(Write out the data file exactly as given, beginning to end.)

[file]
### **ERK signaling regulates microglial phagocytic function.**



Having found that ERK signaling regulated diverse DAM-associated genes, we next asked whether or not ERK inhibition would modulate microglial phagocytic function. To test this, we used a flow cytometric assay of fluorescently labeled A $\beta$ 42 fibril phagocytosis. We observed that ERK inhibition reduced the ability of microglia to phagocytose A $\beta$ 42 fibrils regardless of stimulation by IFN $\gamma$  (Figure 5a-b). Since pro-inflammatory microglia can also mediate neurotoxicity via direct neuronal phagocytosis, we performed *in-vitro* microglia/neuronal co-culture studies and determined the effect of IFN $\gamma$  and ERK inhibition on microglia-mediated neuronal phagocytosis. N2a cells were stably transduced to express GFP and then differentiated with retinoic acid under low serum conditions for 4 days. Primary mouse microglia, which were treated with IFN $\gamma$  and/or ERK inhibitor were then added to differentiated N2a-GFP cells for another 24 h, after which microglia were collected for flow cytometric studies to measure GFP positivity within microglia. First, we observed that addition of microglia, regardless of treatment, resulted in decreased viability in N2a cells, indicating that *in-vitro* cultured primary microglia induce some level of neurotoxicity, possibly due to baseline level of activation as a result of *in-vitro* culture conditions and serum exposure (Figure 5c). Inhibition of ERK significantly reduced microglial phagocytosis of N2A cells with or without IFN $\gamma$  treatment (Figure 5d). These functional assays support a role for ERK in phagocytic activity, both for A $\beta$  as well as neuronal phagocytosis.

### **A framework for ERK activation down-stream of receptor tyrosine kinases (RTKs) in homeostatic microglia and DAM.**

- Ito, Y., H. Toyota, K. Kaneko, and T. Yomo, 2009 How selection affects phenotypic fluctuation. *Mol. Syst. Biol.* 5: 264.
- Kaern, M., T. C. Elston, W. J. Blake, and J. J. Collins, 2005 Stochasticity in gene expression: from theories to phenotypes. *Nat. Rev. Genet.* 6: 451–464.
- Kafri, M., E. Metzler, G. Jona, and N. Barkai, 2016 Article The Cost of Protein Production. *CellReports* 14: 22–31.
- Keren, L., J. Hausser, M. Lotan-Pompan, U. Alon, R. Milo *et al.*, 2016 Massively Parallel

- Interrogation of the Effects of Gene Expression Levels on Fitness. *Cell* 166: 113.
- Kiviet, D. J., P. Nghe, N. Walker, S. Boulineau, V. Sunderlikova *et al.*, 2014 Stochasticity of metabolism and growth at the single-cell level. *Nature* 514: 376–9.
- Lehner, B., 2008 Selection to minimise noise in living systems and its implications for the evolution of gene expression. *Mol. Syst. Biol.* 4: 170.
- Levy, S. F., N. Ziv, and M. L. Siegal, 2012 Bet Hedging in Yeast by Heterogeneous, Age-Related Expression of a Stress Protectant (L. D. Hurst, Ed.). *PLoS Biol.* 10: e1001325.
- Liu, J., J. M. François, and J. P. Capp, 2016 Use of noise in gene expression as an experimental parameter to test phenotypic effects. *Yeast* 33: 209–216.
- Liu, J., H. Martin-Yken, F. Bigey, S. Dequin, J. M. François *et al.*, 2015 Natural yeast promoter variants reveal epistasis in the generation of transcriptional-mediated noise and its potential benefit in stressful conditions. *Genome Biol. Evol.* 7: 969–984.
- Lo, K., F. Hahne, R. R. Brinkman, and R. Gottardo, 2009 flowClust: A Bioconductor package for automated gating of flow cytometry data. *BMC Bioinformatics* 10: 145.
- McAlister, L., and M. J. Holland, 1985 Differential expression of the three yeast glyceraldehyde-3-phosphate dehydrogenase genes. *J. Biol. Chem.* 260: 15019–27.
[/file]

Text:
### **ERK signaling regulates microglial phagocytic function.**



Having found that ERK signaling regulated diverse DAM-associated genes, we next asked whether or not ERK inhibition would modulate microglial phagocytic function. To test this, we used a flow cytometric assay of fluorescently labeled A $\beta$ 42 fibril phagocytosis. We observed that ERK inhibition reduced the ability of microglia to phagocytose A $\beta$ 42 fibrils regardless of stimulation by IFN $\gamma$  (Figure 5a-b). Since pro-inflammatory microglia can also mediate neurotoxicity via direct neuronal phagocytosis, we performed *in-vitro* microglia/neuronal co-culture studies and determined the effect of IFN $\gamma$  and ERK inhibition on microglia-mediated neuronal phagocytosis. N2a cells were stably transduced to express GFP and then differentiated with retinoic acid under low serum conditions for 4 days. Primary mouse microglia, which were treated with IFN $\gamma$  and/or ERK inhibitor were then added to differentiated N2a-GFP cells for another 24 h, after which microglia were collected for flow cytometric studies to measure GFP positivity within microglia. First, we observed that addition of microglia, regardless of treatment, resulted in decreased viability in N2a cells, indicating that *in-vitro* cultured primary microglia induce some level of neurotoxicity, possibly due to baseline level of activation as a result of *in-vitro* culture conditions and serum exposure (Figure 5c). Inhibition of ERK significantly reduced microglial phagocytosis of N2A cells with or without IFN $\gamma$  treatment (Figure 5d). These functional assays support a role for ERK in phagocytic activity, both for A $\beta$  as well as neuronal phagocytosis.

### **A framework for ERK activation down-stream of receptor tyrosine kinases (RTKs) in homeostatic microglia and DAM.**

- Ito, Y., H. Toyota, K. Kaneko, and T. Yomo, 2009 How selection affects phenotypic fluctuation. *Mol. Syst. Biol.* 5: 264.
- Kaern, M., T. C. Elston, W. J. Blake, and J. J. Collins, 2005 Stochasticity in gene expression: from theories to phenotypes. *Nat. Rev. Genet.* 6: 451–464.
- Kafri, M., E. Metzler, G. Jona, and N. Barkai, 2016 Article The Cost of Protein Production. *CellReports* 14: 22–31.
- Keren, L., J. Hausser, M. Lotan-Pompan, U. Alon, R. Milo *et al.*, 2016 Massively Parallel

- Interrogation of the Effects of Gene Expression Levels on Fitness. *Cell* 166: 113.
- Kiviet, D. J., P. Nghe, N. Walker, S. Boulineau, V. Sunderlikova *et al.*, 2014 Stochasticity of metabolism and growth at the single-cell level. *Nature* 514: 376–9.
- Lehner, B., 2008 Selection to minimise noise in living systems and its implications for the evolution of gene expression. *Mol. Syst. Biol.* 4: 170.
- Levy, S. F., N. Ziv, and M. L. Siegal, 2012 Bet Hedging in Yeast by Heterogeneous, Age-Related Expression of a Stress Protectant (L. D. Hurst, Ed.). *PLoS Biol.* 10: e1001325.
- Liu, J., J. M. François, and J. P. Capp, 2016 Use of noise in gene expression as an experimental parameter to test phenotypic effects. *Yeast* 33: 209–216.
- Liu, J., H. Martin-Yken, F. Bigey, S. Dequin, J. M. François *et al.*, 2015 Natural yeast promoter variants reveal epistasis in the generation of transcriptional-mediated noise and its potential benefit in stressful conditions. *Genome Biol. Evol.* 7: 969–984.
- Lo, K., F. Hahne, R. R. Brinkman, and R. Gottardo, 2009 flowClust: A Bioconductor package for automated gating of flow cytometry data. *BMC Bioinformatics* 10: 145.
- McAlister, L., and M. J. Holland, 1985 Differential expression of the three yeast glyceraldehyde-3-phosphate dehydrogenase genes. *J. Biol. Chem.* 260: 15019–27.